• Great article, very informative. It’s not that hard to pick up the phone and cancel an appointment.

  • David Evershed 22nd May '20 - 2:46am

    Having fines for non attendance for doctor appointments was discussed at our GP surgery but it was pointed out that the main offenders were drug adicts or other patients who were disfunctional. So the fines would not be an incentive and would remain unpaid.

    Anyhow, physical attendance in the last few months has now largely been replaced by remote consultations over the internet or by telephone. After being scheduled, such consultations are initiated by the doctor so if no one answers the call the doctor moves on to the next patient with little delay.

    Doctor productivity has thus been improved and patients have a huge saving in travel time and waiting time as well as mostly same day consultations instead of many days delay. A few people are subsequently required to attend the surgery in person.

    So the coronavirus has accelerated the change in GP appointment practice which was happening anyway but much more slowly.

    Just a reminder that GP practices are largely private partnership businesses.

  • Excellent article Alice

    1 in 20 missed appointments just goes to show the system is being abused on an industrial scale, and those that play by the rules are penalised yet again.

    This change is long overdue combined with missed hospital appointments which are much more expensive.

  • NO
    Alice Lilley should learn to research her subject before rushing into print with error, but then she is only sixteen and learning her trade as a Politician. J. Barrett, T. Greaves and D. Evershed have been wiser and spoken to local GP. The GP know how to run their business, usually they just take the next patient in the queue or catch up on something needing done. I know because I have done surgeries.
    What is more worrying is the number of comments in agreement, quickly posted, that were uninformed and ignorant of the facts.
    Covid19 has revealed weaknesses in politics and the NHS which require sorting, hopefully this will be done by a less Class Driven, Money Grubbing Govt. than we have got just now.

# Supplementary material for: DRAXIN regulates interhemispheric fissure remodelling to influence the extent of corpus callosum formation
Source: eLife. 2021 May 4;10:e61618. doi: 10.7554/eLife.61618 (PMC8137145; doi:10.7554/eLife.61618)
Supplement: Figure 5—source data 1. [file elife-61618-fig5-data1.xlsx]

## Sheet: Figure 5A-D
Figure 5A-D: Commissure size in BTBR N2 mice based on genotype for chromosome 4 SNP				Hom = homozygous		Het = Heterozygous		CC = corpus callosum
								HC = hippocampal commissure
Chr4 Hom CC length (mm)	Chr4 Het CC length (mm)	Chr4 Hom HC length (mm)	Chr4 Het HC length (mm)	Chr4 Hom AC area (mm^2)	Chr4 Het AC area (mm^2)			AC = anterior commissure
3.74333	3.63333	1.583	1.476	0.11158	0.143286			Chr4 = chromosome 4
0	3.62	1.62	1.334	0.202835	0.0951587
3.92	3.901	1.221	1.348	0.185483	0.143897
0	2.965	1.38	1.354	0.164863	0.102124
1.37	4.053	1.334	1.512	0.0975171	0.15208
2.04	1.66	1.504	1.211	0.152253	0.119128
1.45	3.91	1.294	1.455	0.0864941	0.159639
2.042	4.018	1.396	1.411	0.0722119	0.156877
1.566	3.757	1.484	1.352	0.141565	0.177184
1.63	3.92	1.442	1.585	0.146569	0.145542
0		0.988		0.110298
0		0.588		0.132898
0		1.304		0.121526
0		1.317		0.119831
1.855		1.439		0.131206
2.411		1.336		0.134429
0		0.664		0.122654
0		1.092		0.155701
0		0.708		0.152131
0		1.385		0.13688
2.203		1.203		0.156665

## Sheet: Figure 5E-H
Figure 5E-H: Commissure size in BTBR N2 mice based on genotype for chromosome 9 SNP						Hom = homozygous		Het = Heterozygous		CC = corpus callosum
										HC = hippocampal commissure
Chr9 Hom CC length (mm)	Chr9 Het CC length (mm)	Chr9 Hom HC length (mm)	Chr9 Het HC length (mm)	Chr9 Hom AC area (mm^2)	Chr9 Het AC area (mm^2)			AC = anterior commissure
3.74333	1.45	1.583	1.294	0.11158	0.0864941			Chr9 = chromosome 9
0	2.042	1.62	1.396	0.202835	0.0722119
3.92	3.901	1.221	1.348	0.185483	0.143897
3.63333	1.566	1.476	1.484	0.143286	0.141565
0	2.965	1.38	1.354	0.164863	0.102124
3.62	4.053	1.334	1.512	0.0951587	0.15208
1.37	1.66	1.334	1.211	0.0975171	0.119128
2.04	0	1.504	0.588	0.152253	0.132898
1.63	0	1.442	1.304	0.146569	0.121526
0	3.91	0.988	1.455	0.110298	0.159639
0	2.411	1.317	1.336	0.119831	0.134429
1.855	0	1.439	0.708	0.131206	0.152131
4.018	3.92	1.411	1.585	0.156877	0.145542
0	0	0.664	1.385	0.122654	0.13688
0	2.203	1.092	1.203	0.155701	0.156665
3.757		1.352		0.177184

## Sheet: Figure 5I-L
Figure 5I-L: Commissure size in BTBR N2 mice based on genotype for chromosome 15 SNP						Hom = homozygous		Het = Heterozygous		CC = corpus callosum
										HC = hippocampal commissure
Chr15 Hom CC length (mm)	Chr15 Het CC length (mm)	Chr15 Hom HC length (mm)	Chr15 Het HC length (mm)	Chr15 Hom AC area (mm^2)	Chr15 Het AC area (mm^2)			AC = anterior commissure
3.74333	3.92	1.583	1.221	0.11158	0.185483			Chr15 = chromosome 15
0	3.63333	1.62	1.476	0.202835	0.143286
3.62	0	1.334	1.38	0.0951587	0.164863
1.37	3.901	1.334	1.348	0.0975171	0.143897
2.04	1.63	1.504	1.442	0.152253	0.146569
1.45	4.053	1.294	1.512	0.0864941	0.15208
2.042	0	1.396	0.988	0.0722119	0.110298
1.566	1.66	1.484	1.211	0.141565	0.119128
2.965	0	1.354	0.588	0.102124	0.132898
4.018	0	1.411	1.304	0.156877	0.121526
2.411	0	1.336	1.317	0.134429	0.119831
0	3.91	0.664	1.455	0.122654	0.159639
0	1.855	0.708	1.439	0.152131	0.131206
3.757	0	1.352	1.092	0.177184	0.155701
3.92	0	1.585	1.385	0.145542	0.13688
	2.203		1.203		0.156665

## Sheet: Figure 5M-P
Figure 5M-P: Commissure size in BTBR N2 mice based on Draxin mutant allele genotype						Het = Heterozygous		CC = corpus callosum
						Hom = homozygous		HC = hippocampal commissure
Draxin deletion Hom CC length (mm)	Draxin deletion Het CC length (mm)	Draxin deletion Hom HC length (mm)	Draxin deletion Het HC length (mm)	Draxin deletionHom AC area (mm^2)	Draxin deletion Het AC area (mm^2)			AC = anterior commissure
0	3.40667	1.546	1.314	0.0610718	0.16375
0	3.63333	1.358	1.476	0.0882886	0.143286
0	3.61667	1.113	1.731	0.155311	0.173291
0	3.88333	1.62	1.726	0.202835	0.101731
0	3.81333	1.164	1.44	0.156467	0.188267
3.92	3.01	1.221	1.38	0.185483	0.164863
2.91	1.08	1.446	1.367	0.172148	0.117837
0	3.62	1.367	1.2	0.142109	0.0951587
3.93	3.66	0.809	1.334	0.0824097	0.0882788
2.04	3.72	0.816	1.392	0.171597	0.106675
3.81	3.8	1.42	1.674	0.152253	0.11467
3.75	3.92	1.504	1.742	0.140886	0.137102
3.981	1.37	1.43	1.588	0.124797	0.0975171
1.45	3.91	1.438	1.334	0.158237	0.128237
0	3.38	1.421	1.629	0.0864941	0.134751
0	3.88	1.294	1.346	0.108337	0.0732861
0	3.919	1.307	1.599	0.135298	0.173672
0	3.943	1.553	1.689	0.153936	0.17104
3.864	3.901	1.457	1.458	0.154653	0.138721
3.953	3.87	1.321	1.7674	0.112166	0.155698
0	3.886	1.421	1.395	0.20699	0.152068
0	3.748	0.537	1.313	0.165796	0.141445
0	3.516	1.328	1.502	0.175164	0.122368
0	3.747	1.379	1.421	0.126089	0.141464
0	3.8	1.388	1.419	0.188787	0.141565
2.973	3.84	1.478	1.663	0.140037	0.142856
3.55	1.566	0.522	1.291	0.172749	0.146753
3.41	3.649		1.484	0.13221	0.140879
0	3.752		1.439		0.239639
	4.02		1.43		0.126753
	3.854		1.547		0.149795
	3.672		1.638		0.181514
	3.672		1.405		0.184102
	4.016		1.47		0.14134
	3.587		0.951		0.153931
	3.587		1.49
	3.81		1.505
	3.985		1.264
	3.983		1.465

Donald C. FRCP.

  • Alice deserves great credit for marshalling her case….. and, as a Granddad, I can identify with the heart warming pride of Grandma Olive George.

    Unfortunately, both John Barrett and Tony Greaves have spelled out the difficulties and I think they make the more powerful case. Maybe Alice can reflect on this as part of a political learning curve.

    My own dentist and doctor use the text phone reminder system successfully, ensuring that those of us of advanced years do what we should.

  • I have read the comments above this and I do agree that we could try other methods but in the end people are not going to stop abusing the system unless there is a consequence for missing appointments. My friend is a retired GP doctor and she said this was a frequent problem and thinks that if there was a charge less people would do it.

  • Julian Tisi 22nd May '20 - 4:03pm

    “Alice Lilley should learn to research her subject before rushing into print with error, but then she is only sixteen and learning her trade as a Politician”

    Rather patronising IMO. Given that many doctors and others here and elsewhere actually agree with her suggests perhaps she has done her research! Actually I think this is an excellent article. As with others I’m worried about the impact that fines might have on the most vulnerable, but on the other hand we have to reduce the cost of missed appointments some way or other.

  • It may seem attractive but just a few minutes thought about how it would be implemented shows it is a non-starter. We have no mechanism for billing people so you would need a whole department to manage that, you would have to chase people who didn’t pay – that would look great when the debt collectors turn up at the house of an elderly or disabled person, and presumably you would need some kind of appeals process. Also healthcare professionals would probably not co-operate, just as many don’t now when asked to check entitlement to NHS services.

  • Yes! If people can be bothered to book an appointment then they should be bothered to cancel it if they can’t make it. I think the system could definitely be implemented for those that repeatedly miss appointments.